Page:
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Post curing HiTek coated bullets


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Thought I'd give a new company a try on their coated bullets. Been running Bayous for over 2 decades with no issues. New company bullets coating easily rubs off and leaves the barrel filthy after only 20-30 rounds. So the question is has anyone  had success in post curing HiTek coated bullets? The normal cure is 200*C for 8-12 minutes.

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I’ve heard that it’s best to set the timer after the bullets have come up to temp. That would probably  add 10 min to the time. I would try a few to see if it helps. Sounds like they may have been in a hurry to get them done. My 2 cents. 

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Chuck them in for 12 minutes at 200.

 

They might darken but that should cure them.

 

I do mine for 11 minutes at 190 degrees C. 2.5kg at a time. If you put too much weight in at once the lead temp might not get high enough.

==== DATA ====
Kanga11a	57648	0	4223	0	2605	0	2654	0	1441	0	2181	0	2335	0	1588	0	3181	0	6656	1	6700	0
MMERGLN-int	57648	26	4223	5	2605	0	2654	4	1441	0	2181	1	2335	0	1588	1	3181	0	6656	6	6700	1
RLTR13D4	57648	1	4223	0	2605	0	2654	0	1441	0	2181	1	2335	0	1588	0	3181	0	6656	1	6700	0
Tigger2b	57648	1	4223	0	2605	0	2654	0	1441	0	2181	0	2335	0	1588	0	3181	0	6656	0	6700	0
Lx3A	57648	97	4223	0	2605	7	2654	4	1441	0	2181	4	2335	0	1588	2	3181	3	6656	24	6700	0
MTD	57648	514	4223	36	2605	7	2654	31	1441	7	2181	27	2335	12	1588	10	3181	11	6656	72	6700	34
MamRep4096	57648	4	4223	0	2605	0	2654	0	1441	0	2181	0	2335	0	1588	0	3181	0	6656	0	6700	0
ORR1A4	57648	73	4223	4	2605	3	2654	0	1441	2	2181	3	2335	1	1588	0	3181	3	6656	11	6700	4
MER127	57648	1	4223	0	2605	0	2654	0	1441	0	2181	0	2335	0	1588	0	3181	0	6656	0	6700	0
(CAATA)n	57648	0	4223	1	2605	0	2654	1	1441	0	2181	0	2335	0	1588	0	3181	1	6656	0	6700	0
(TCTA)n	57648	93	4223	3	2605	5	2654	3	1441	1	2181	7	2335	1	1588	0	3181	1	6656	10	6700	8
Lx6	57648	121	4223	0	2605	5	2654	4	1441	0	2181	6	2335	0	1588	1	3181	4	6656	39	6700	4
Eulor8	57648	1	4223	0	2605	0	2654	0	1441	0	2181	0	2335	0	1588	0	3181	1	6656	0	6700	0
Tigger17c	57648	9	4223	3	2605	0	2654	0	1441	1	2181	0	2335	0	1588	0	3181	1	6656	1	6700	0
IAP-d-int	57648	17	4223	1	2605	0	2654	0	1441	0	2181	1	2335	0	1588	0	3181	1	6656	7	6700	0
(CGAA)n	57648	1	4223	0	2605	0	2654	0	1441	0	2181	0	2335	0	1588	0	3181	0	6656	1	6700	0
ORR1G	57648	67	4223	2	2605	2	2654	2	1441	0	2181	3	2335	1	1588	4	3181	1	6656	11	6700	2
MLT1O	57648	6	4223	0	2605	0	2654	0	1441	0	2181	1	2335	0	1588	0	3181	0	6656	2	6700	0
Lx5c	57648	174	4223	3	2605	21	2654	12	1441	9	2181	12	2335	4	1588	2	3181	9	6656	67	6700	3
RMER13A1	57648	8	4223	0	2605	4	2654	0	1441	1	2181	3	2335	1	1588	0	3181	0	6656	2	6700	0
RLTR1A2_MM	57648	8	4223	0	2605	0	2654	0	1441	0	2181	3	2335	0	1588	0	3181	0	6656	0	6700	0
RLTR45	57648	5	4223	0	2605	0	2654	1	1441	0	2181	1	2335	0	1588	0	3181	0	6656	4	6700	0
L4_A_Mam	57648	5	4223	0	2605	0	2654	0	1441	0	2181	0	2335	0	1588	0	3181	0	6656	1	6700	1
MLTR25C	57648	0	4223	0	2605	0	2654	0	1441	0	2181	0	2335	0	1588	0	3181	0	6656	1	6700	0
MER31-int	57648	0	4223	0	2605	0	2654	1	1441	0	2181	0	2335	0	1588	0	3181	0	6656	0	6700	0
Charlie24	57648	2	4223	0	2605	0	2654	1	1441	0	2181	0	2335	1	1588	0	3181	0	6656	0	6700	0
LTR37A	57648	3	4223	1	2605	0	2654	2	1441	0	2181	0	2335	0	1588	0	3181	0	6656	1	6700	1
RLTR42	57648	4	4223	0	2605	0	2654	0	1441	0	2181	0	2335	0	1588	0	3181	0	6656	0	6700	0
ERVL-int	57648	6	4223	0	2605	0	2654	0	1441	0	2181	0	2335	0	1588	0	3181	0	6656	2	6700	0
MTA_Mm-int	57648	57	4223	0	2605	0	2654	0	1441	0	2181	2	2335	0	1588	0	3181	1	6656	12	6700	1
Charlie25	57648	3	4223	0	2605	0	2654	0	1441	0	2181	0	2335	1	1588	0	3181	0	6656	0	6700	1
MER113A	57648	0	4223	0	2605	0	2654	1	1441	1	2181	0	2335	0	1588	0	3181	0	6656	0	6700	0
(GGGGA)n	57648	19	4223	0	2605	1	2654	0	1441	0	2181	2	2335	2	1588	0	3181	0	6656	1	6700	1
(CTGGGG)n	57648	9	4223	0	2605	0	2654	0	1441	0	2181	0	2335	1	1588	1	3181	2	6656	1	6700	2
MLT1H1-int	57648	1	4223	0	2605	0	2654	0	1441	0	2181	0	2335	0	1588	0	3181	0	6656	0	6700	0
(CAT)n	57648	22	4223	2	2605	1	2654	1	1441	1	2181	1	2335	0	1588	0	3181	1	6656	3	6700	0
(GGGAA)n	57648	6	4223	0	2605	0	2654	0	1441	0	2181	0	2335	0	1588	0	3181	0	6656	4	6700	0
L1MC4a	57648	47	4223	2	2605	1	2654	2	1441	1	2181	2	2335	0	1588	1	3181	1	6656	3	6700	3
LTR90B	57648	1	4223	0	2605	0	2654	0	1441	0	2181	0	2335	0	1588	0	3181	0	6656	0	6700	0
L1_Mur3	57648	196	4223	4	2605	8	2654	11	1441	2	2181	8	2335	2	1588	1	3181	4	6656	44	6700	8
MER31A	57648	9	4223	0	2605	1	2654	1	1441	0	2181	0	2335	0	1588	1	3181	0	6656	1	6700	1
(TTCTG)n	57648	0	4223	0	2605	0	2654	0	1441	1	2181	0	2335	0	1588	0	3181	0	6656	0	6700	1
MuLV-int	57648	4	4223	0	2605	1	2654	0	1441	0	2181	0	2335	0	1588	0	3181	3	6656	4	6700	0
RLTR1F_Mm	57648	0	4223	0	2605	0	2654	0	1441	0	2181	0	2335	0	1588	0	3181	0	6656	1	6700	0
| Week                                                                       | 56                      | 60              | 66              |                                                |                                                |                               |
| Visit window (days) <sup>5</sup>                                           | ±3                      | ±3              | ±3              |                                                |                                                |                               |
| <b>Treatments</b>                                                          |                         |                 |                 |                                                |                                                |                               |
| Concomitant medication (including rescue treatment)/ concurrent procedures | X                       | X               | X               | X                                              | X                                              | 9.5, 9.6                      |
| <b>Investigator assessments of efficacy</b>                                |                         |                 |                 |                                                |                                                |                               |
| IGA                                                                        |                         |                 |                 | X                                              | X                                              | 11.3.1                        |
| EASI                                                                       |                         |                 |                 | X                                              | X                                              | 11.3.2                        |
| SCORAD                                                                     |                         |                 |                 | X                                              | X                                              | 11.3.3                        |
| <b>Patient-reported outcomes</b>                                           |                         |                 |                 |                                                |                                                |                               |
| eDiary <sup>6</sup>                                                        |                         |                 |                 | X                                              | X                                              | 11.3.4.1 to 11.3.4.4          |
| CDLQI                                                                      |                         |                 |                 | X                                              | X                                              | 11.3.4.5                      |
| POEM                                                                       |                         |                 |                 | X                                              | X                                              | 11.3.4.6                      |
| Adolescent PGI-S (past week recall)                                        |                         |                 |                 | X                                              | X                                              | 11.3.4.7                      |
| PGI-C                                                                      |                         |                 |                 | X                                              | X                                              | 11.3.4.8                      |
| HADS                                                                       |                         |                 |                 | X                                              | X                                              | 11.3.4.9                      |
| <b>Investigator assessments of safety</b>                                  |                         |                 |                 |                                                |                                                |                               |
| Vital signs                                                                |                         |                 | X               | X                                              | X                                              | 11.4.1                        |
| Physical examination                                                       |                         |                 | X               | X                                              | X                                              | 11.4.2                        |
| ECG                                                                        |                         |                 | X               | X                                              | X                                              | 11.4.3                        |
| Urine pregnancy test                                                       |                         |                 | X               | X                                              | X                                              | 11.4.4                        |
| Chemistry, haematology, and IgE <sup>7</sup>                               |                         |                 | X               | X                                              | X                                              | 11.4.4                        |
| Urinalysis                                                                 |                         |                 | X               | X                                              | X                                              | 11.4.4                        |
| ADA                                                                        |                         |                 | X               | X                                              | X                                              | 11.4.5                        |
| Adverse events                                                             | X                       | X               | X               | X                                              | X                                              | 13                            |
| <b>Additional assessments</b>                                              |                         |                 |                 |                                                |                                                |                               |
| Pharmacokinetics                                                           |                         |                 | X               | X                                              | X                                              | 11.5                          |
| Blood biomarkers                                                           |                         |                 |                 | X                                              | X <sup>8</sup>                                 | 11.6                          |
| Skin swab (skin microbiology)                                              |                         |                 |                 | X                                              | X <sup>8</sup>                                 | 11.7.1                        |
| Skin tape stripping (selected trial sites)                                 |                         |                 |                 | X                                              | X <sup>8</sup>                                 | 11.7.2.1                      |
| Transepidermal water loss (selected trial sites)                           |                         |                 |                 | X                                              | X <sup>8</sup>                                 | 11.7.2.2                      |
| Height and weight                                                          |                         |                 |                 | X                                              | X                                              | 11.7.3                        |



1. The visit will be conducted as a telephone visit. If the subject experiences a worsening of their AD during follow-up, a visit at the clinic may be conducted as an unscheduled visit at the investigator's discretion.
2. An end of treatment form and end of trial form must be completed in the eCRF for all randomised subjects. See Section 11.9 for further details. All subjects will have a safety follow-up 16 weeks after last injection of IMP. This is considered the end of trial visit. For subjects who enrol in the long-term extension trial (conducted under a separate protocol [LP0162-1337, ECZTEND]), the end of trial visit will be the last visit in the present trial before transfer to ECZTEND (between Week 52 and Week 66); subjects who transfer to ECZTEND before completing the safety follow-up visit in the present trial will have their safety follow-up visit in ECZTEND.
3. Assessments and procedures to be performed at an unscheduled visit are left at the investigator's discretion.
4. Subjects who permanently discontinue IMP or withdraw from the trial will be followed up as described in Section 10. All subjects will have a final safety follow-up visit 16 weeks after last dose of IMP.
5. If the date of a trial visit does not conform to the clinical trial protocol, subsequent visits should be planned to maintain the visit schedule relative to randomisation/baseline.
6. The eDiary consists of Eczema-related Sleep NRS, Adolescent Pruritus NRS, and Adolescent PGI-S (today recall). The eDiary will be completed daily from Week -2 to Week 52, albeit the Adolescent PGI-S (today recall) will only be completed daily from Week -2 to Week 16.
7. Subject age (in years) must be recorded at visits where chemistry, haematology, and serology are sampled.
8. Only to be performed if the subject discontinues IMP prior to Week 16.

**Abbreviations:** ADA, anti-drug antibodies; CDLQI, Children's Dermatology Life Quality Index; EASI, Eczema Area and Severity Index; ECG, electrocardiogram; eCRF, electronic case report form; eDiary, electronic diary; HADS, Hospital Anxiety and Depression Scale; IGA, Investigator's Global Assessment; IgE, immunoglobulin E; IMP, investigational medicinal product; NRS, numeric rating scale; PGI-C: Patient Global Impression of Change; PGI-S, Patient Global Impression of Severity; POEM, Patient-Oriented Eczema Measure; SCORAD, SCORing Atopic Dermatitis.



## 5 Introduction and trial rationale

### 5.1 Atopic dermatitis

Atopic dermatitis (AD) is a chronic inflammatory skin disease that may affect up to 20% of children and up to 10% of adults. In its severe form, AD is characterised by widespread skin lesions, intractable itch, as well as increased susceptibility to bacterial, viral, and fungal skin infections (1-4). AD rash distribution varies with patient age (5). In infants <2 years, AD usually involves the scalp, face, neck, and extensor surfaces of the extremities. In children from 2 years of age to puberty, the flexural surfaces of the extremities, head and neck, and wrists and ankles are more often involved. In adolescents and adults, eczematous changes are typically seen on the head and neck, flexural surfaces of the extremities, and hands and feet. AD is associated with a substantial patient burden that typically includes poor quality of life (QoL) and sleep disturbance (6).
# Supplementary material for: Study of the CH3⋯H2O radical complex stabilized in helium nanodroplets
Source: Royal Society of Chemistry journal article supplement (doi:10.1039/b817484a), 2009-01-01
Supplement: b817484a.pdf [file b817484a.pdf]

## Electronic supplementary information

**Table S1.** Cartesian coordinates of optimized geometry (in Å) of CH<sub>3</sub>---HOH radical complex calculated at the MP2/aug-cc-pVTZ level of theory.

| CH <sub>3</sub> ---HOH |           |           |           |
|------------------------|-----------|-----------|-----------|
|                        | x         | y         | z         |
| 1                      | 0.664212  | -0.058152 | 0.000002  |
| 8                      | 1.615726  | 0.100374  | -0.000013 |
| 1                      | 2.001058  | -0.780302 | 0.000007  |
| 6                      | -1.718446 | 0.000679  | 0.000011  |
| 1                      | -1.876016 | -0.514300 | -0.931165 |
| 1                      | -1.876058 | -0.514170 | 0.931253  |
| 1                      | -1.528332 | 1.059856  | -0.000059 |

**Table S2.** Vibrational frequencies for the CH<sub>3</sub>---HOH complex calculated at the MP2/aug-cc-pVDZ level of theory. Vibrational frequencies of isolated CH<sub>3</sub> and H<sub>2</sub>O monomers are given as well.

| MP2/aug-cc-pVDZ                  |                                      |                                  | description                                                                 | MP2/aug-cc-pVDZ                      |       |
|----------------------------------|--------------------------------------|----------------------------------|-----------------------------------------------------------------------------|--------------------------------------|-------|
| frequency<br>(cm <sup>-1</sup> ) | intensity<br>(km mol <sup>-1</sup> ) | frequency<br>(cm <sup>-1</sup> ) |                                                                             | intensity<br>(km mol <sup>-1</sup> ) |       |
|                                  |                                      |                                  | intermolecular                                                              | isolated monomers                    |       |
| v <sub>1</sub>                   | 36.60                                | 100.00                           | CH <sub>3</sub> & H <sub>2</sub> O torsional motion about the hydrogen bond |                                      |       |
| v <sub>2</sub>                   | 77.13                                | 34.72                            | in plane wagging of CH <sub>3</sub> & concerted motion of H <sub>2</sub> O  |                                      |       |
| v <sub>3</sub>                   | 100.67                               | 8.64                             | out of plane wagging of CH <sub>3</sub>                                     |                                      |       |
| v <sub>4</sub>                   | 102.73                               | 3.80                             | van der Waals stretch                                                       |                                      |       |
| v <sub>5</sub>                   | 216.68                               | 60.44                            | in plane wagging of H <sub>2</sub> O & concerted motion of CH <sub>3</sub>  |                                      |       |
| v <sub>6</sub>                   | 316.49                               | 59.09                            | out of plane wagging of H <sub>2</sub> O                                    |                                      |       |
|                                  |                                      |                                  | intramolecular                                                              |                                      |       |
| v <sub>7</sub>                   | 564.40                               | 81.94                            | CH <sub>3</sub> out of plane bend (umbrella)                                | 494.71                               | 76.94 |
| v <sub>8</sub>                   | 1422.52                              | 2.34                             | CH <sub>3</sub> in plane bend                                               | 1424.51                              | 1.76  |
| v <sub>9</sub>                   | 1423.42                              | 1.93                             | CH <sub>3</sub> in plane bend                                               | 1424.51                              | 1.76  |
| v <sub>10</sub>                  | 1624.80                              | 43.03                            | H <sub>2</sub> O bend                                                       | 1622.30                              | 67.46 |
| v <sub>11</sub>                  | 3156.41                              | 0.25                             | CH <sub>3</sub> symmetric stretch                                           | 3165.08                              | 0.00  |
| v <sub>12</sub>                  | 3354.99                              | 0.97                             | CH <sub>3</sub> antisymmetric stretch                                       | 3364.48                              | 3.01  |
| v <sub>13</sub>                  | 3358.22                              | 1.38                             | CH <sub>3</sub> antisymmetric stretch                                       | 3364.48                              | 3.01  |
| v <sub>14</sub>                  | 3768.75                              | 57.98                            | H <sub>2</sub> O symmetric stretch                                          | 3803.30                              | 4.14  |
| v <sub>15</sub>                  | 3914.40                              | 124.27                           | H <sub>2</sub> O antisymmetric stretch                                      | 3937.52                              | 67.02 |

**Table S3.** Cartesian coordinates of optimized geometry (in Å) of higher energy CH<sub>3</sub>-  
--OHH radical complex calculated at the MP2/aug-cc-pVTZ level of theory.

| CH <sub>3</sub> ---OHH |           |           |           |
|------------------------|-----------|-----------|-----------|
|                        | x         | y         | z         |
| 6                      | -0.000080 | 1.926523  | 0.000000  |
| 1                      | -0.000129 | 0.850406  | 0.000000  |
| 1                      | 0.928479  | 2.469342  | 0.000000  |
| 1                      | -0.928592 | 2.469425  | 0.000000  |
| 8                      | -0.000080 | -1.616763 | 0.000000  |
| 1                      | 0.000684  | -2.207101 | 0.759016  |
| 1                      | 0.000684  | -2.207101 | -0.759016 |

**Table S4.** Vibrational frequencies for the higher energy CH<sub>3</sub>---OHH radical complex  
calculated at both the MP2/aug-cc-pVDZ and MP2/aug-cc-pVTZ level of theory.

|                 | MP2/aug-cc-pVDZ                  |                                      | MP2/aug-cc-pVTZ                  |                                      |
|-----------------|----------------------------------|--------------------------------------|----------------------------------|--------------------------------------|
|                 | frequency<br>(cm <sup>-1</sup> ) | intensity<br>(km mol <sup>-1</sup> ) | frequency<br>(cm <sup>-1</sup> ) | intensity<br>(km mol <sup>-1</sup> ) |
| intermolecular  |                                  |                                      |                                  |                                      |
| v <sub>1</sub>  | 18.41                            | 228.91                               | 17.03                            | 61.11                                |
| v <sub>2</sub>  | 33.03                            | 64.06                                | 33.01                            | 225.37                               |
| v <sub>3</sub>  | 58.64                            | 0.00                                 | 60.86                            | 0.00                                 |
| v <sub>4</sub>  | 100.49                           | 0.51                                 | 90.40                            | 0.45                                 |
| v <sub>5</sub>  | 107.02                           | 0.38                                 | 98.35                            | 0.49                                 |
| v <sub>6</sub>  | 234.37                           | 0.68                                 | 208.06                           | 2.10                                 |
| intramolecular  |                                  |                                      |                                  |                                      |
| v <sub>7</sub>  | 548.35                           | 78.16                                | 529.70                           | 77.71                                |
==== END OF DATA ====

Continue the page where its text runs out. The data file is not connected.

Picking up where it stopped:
Edited by dansedgli
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When you say easily rubs off, what does that mean? The coating flakes right off to bare lead?

 

If that is the case something went wrong with the application. I don't believe they will be fixed by reheating, trying won't hurt them.

 

you can try a smash test before using them again. Take a bullet and smash it flat with a hammer, the coating should stay on.

 

See the coating flake off in the red bullet, it should look like the others.

smash.jpg

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20 minutes at 400*F after reaching temp. Darkened a bit, squash looks the same, going to run 40 or so Saturday on the first stage of the match and see what the barrel looks like. 

 

 

 

post cure and squash.jpg

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I cast and coat my own bullets with HiTek, been doing it for years and in fact just coated up 1,000 rds of bullets yesterday.  The coating is applied with acetone which distributes the coating then evaporates off before baking.  To check to make sure the coating is cured the easiest way it to do the wipe test.  Take a clean white patch, soak with acetone and rub it on the bullet. If the coating has not been cured the coating will be dissolved back off the bullet on the patch. Once cured by heat you will not get any appreciable coating on the patch.  

 

Baking longer will not hurt the coating, typically it just makes it darker as you have found. If the coating is cured from the maker then there is something else going on?

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Yea, I did the wipe test with acetone, however with all primer coats, the cure can be affected by thickness, time and temperature, not to mention adhesive failure of a coating because of a contaminated substrate (unclean lead).